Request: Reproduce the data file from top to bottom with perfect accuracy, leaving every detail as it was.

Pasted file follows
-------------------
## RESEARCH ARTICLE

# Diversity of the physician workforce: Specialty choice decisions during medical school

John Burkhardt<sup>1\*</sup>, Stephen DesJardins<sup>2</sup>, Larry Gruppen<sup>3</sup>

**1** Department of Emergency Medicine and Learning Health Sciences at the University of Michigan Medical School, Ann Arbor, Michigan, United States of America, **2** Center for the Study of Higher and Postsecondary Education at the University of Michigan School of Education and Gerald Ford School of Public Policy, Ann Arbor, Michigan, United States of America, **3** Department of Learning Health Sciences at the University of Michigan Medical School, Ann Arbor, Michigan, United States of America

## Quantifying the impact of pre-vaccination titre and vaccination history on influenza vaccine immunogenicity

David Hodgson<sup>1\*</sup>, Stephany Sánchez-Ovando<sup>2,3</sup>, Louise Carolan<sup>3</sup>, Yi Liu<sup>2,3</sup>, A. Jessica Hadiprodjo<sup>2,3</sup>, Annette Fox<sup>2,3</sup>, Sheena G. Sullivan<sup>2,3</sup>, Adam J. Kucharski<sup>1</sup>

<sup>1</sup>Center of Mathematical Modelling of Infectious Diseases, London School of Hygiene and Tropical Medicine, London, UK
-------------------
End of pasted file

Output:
## RESEARCH ARTICLE

# Diversity of the physician workforce: Specialty choice decisions during medical school

John Burkhardt<sup>1\*</sup>, Stephen DesJardins<sup>2</sup>, Larry Gruppen<sup>3</sup>

**1** Department of Emergency Medicine and Learning Health Sciences at the University of Michigan Medical School, Ann Arbor, Michigan, United States of America, **2** Center for the Study of Higher and Postsecondary Education at the University of Michigan School of Education and Gerald Ford School of Public Policy, Ann Arbor, Michigan, United States of America, **3** Department of Learning Health Sciences at the University of Michigan Medical School, Ann Arbor, Michigan, United States of America

## Quantifying the impact of pre-vaccination titre and vaccination history on influenza vaccine immunogenicity

David Hodgson<sup>1\*</sup>, Stephany Sánchez-Ovando<sup>2,3</sup>, Louise Carolan<sup>3</sup>, Yi Liu<sup>2,3</sup>, A. Jessica Hadiprodjo<sup>2,3</sup>, Annette Fox<sup>2,3</sup>, Sheena G. Sullivan<sup>2,3</sup>, Adam J. Kucharski<sup>1</sup>

<sup>1</sup>Center of Mathematical Modelling of Infectious Diseases, London School of Hygiene and Tropical Medicine, London, UK